- in Environment
A scientific institution founded in the wake of the fatal Scott expedition to Antarctica is “vital” to “our understanding of the global climate”.
Captain Robert Falcon Scott and his four companions died returning from the South Pole in 1912.
Money poured in after his last written words were revealed to be “for God’s sake look after our people”.
Cambridge University founded the Scott Polar Research Institute 100 years ago using £6,000 of the £76,000 raised.
Captain Scott’s failed attempt to lead the first team to reach the South Pole, only to be beaten by a Norwegian team, is well known.
But the 1910-1913 Terra Nova expedition was also the largest-ever research mission to the pole, involving 12 scientists.
Scott chose four companions to accompany him on the South Pole attempt – and several pounds of geological samples and scientific notebooks were found beside their bodies.
“Their observations are a century-old baseline against which contemporary change can be measured,” said institute director Prof Julian Dowdeswell.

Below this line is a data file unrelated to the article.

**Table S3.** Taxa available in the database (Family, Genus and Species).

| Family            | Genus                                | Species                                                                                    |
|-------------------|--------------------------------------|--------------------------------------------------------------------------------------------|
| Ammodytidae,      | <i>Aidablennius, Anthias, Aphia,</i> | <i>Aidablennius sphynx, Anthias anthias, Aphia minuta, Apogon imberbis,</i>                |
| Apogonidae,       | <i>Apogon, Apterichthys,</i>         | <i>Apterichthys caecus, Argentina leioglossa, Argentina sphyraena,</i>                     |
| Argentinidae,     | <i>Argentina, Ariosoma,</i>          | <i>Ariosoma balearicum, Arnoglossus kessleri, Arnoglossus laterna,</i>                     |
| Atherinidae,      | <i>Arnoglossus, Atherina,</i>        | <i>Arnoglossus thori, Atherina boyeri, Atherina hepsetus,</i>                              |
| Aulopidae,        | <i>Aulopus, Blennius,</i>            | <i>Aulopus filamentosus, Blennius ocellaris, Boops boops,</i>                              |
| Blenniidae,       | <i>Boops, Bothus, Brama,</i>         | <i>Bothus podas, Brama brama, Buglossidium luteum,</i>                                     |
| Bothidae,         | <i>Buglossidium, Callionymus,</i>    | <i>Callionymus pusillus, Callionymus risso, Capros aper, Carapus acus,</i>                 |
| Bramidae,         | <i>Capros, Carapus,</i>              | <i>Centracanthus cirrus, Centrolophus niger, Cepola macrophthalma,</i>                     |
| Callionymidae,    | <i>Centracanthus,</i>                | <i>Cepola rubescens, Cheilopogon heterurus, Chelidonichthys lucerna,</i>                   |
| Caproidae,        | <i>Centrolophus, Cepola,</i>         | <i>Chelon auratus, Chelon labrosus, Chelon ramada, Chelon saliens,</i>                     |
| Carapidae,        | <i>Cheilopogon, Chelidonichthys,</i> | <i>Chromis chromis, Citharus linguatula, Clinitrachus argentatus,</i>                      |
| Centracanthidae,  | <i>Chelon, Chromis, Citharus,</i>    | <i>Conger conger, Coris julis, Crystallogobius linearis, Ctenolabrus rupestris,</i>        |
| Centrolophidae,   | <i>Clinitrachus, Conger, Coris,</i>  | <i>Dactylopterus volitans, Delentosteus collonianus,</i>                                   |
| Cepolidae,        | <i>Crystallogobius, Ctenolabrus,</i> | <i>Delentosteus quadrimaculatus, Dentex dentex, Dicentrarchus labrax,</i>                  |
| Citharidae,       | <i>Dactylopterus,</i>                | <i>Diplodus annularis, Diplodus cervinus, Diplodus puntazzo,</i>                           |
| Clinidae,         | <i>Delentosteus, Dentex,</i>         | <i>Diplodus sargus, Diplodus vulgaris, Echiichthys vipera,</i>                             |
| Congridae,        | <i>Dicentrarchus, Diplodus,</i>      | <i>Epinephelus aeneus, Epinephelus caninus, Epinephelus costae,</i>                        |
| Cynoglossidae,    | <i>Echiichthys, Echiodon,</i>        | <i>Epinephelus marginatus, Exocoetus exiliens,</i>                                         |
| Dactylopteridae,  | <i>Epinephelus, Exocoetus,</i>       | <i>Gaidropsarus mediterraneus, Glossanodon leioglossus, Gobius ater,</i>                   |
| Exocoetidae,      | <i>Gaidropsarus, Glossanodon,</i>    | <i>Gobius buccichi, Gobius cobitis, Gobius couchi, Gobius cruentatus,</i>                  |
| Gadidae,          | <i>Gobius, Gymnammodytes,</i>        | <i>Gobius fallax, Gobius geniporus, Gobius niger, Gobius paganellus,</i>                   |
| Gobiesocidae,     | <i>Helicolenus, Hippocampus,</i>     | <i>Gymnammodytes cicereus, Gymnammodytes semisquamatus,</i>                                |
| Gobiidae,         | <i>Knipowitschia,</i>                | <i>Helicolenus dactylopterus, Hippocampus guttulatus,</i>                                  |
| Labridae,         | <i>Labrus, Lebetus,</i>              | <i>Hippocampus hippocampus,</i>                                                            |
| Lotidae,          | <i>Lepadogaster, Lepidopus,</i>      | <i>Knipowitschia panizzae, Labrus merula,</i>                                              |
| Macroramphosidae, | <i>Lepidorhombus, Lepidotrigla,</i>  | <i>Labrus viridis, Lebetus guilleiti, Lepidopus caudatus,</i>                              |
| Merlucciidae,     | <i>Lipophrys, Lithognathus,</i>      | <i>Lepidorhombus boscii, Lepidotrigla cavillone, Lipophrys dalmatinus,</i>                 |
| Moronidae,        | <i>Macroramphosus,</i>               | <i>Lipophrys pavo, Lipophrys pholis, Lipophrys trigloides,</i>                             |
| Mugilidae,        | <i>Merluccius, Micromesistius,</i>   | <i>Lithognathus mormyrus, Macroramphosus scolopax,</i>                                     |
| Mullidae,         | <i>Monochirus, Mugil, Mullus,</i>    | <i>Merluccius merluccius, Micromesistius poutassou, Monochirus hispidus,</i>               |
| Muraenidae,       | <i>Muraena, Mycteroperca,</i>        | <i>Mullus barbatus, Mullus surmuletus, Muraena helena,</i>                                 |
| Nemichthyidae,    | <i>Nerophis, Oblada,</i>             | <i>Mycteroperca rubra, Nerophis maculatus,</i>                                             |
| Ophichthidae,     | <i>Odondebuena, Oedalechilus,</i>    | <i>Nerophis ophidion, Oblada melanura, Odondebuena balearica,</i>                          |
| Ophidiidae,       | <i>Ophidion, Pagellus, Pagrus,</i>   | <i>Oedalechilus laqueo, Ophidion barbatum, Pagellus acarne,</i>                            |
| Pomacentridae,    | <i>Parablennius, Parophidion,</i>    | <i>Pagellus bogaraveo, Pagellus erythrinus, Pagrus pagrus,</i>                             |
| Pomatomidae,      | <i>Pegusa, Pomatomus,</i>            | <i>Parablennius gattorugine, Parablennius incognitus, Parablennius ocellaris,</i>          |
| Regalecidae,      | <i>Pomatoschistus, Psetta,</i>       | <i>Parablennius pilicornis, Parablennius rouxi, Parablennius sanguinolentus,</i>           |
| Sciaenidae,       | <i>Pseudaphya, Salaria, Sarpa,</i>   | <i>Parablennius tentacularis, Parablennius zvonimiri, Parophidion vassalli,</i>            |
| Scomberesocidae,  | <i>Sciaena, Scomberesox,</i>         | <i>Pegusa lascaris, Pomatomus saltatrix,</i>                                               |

The institute was the base for scientific expeditions to the Arctic and Antarctic in the 1930s and, during World War Two, it was the government’s centre for research into cold weather warfare.
After the war it became an international centre for research in a variety of fields related to the polar environment.
Institute associate Brian Roberts helped found the Antarctic Treaty in 1959, under which the continent can be “be used for peaceful purposes only”.
Its scientists invented radio echo sounding in the 1960s to measure the depth of ice – an invention now used by space missions to measure ice on Mars.
Most recently, researchers are using drones designed and built at the institute for a project in Greenland measuring ice sheet melt.
Prof Dowdeswell said: “The institute’s scientific work on the icy world provides a vital component of our understanding of the global climate.
“And it continues to inspire next generations of polar researchers.”